A dozen flooding probes to be launched after bank holiday devastation in Northampton

A dozen separate investigations will be carried out into Northampton's bank holiday floods with the results due to be made public in six months' time.

Saturday, 23rd June 2018, 10:21 am
Updated Saturday, 23rd June 2018, 10:28 am
Parts of Northampton were hit with a month's worth of rainfall in a matter of hours over the last bank holiday.

Hundreds of homes and businesses were flooded when localised flash floods hit the town on Sunday, May 27, at 6.30pm. More than a month’s rain fell in one hour as 62mm of rain was recorded.

After weeks of enquiries, the county council’s flood and water management team has now decided that it will carry out 12 separate Section 19 investigations into the floods that caused devastation throughout the town.

Investigations will take place at St Leonards Road, East Hunsbury, Wootton, Woodgate Road, Hardingstone, Downsway, Breeze Hill, Brackmills industrial estate.

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A section 19 flood investigation will take place in Far Cotton after the bank holiday deluge.

There will also be two separate investigations in the Briars Hill area and two in the Far Cotton/Delapre area.

Speaking at Northamptonshire County Council's environment, development and scrutiny meeting earlier this week, flood and water manager Josie Bateman said the ‘picture was constantly evolving’ with more reports of flooding still coming into the council.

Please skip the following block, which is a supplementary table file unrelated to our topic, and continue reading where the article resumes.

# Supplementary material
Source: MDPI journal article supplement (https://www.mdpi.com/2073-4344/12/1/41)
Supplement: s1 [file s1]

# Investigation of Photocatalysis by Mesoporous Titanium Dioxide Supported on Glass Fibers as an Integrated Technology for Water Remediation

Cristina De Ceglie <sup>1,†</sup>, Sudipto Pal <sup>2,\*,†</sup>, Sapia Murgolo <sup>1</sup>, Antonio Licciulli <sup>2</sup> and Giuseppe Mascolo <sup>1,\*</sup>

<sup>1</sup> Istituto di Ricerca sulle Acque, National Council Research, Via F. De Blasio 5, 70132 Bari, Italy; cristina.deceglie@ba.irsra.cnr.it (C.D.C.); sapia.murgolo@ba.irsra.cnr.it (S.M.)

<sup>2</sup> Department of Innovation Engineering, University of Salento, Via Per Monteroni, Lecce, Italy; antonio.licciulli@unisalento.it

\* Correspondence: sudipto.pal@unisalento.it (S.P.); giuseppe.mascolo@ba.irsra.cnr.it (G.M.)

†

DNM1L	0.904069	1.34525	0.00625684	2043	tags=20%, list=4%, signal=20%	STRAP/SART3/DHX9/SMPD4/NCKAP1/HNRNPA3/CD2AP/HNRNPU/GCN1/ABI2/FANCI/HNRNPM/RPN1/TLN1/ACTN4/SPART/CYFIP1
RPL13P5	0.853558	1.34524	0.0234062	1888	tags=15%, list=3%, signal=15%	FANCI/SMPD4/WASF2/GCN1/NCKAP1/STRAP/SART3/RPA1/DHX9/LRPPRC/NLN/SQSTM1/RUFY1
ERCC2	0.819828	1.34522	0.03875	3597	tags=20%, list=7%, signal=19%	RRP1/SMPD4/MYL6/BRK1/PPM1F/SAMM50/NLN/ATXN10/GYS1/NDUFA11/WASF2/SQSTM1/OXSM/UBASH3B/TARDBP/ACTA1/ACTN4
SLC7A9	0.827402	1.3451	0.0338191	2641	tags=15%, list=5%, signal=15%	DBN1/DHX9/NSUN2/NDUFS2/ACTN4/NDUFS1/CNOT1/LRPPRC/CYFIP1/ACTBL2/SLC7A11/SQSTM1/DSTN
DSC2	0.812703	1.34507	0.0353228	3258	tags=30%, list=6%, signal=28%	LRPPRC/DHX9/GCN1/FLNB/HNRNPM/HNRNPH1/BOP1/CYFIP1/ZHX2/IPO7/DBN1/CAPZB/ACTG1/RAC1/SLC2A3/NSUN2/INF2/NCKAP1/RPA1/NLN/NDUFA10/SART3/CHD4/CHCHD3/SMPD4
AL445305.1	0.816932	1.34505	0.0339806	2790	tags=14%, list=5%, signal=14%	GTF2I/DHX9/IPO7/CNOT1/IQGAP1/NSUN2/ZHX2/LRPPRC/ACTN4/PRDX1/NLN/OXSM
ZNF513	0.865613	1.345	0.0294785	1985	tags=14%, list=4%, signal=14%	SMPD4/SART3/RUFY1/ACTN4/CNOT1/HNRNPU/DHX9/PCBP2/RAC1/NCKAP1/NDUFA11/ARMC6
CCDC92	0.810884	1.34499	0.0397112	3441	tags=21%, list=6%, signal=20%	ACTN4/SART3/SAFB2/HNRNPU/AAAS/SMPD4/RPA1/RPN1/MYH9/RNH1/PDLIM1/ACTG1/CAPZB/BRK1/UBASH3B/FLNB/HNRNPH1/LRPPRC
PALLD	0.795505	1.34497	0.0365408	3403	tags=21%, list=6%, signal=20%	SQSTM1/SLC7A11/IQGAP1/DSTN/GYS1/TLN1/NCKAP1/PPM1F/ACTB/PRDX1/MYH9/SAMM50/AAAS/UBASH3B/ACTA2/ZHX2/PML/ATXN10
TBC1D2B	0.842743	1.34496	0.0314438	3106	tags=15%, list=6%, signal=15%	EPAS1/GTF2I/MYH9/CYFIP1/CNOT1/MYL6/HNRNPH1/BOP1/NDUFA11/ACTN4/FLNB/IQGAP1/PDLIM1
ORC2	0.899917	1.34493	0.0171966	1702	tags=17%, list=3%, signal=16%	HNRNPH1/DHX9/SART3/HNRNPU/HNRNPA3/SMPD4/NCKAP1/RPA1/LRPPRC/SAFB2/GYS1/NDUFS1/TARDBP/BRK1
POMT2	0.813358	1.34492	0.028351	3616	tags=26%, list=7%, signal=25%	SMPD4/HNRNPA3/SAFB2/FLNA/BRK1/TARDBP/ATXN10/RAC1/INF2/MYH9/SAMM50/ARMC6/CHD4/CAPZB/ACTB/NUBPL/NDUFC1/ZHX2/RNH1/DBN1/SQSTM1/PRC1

She said: “We had the more than the entire May’s rainfall within just one hour, which was incredible. It was one of those clouds that just hovered as there was not much wind.”

Councillor Pinder Chauhan, who went down to the affected areas to help residents when the floods hit, said the response was excellent from the emergency services.

The council has received 177 flooding complaints since the deluge at the end of May. It is believed half of the homes hit were not insured.

She said: “One of the observations was that there needs to be some kind of advice or guidance for councillors in this kind of incident as we were not sure who to contact.”

The threshold for a section 19 investigation is when critical infrastructure is affected in excess of three hours, when internal flooding is experienced by a property more than once in five years and when five properties are flooded during one incident.

In total, NCC has received 177 direct reports of internal floods but says it expects this number to be substantially higher. It is estimated that around 50 per cent of properties affected were uninsured.

The investigations will involve a close look at the different sites and involve meetings with the community, data gathering, eyewitness accounts and examining video footage. A draft Flood Investigation Report will then be compiled and after sign-off by relevant authorities, including fire and rescue and the water authorities, it will be published online. The final outcomes are expected to be known by November.

Since April 2012, there have been 52 Flood Investigation Reports in the county.

However, it is going to be a big task for the council’s flood investigation team as the department of two will go down to just one as Josie Bateman will leave her post shortly.

Councillors at the meeting thanked the officer for all her excellent work over the past few years.